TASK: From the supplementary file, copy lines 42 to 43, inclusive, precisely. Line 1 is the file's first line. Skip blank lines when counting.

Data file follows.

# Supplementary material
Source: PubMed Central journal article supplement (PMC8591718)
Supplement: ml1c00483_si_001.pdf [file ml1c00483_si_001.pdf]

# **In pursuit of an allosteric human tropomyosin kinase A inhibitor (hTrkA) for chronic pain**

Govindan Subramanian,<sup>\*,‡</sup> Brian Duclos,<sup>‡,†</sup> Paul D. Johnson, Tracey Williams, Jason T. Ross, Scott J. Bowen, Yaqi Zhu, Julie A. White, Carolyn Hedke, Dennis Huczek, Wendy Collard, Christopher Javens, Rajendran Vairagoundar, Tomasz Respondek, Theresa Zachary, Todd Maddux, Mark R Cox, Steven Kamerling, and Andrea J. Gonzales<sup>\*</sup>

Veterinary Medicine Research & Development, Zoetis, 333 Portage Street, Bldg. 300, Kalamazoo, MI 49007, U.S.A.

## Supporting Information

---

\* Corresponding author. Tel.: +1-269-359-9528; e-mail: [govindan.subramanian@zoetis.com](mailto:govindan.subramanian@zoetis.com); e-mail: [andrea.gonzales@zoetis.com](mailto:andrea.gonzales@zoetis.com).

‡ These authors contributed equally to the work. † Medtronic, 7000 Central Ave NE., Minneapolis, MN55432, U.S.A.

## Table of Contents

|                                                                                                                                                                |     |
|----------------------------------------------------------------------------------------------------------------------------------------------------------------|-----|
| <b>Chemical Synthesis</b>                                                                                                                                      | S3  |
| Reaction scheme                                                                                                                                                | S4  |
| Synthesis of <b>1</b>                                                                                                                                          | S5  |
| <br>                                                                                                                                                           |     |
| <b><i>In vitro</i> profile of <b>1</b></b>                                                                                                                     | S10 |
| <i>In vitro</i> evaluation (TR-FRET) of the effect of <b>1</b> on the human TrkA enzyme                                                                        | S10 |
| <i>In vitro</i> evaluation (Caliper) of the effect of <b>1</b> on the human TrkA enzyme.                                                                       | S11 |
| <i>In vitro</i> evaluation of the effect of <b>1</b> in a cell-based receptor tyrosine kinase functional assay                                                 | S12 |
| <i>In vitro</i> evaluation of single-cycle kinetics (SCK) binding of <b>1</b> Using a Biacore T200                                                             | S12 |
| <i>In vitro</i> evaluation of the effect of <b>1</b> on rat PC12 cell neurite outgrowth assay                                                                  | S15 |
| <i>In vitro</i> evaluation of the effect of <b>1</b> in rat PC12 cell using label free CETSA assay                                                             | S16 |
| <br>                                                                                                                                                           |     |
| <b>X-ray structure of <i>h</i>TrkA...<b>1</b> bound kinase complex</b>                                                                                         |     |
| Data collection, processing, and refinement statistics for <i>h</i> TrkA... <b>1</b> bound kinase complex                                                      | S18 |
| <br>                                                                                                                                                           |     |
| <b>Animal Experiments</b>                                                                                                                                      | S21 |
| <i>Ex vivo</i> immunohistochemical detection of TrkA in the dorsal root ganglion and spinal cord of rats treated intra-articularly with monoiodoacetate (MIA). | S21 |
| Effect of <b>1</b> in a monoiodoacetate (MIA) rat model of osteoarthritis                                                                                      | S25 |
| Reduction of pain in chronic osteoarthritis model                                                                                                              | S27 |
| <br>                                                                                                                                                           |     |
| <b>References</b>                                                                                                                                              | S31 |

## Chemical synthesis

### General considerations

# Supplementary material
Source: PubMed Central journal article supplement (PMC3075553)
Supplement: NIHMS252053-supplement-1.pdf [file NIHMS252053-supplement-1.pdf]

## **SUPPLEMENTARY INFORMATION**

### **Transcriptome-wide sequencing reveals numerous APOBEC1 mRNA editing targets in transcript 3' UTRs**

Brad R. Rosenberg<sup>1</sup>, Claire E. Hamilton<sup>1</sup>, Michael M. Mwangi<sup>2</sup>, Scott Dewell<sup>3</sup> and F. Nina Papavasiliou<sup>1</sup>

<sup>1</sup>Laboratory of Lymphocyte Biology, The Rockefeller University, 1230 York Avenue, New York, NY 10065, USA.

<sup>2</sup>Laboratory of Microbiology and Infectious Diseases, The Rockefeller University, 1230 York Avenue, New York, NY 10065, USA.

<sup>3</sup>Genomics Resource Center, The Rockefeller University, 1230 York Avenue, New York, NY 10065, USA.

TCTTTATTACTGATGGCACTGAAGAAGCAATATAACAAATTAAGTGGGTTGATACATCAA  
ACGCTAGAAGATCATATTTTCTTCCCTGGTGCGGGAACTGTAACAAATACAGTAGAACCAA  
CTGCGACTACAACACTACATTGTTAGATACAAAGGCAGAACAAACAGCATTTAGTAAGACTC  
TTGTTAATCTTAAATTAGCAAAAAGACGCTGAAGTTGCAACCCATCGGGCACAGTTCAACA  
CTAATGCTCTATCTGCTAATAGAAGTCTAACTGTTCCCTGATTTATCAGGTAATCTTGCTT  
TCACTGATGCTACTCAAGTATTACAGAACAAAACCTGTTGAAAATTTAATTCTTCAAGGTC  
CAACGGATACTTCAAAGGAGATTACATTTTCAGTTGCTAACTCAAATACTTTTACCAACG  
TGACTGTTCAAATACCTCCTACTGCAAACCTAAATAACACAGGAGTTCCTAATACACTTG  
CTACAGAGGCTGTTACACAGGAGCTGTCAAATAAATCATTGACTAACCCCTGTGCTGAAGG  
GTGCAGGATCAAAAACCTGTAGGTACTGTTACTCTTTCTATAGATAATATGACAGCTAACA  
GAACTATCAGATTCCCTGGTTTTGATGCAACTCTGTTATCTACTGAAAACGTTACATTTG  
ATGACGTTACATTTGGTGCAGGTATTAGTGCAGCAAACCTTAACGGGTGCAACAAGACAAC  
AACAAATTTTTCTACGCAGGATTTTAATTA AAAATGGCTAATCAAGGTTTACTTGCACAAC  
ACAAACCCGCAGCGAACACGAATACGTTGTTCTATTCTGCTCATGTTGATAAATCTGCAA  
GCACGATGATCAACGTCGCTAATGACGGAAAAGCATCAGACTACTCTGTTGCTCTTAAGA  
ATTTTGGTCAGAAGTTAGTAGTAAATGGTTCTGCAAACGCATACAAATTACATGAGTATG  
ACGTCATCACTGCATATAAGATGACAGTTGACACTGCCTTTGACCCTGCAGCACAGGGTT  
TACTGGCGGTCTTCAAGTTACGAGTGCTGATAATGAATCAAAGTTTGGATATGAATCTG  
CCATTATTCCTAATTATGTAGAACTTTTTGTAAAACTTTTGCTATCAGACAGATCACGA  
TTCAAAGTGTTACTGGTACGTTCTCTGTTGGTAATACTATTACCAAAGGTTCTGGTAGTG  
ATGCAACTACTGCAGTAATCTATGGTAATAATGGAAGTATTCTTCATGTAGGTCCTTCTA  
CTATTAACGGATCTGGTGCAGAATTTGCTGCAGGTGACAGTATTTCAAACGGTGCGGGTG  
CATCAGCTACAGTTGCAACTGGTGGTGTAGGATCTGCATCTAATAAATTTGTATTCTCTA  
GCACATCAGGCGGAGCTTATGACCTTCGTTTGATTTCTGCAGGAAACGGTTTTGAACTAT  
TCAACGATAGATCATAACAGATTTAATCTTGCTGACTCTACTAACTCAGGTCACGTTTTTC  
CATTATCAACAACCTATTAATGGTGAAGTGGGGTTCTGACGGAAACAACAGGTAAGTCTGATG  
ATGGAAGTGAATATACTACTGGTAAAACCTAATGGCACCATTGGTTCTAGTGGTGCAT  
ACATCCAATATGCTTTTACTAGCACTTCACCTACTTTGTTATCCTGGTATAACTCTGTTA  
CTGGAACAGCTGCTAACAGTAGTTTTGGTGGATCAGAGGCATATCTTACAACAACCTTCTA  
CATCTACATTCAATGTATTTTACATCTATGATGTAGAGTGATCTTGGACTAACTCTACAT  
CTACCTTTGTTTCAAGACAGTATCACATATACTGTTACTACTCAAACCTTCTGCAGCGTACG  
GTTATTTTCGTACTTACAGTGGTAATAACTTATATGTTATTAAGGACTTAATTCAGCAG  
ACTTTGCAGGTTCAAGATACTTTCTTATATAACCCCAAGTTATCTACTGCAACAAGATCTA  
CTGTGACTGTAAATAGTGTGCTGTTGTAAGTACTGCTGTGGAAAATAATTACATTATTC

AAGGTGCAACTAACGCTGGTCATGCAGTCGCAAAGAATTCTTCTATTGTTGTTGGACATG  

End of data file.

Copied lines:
Brad R. Rosenberg<sup>1</sup>, Claire E. Hamilton<sup>1</sup>, Michael M. Mwangi<sup>2</sup>, Scott Dewell<sup>3</sup> and F. Nina Papavasiliou<sup>1</sup>

<sup>1</sup>Laboratory of Lymphocyte Biology, The Rockefeller University, 1230 York Avenue, New York, NY 10065, USA.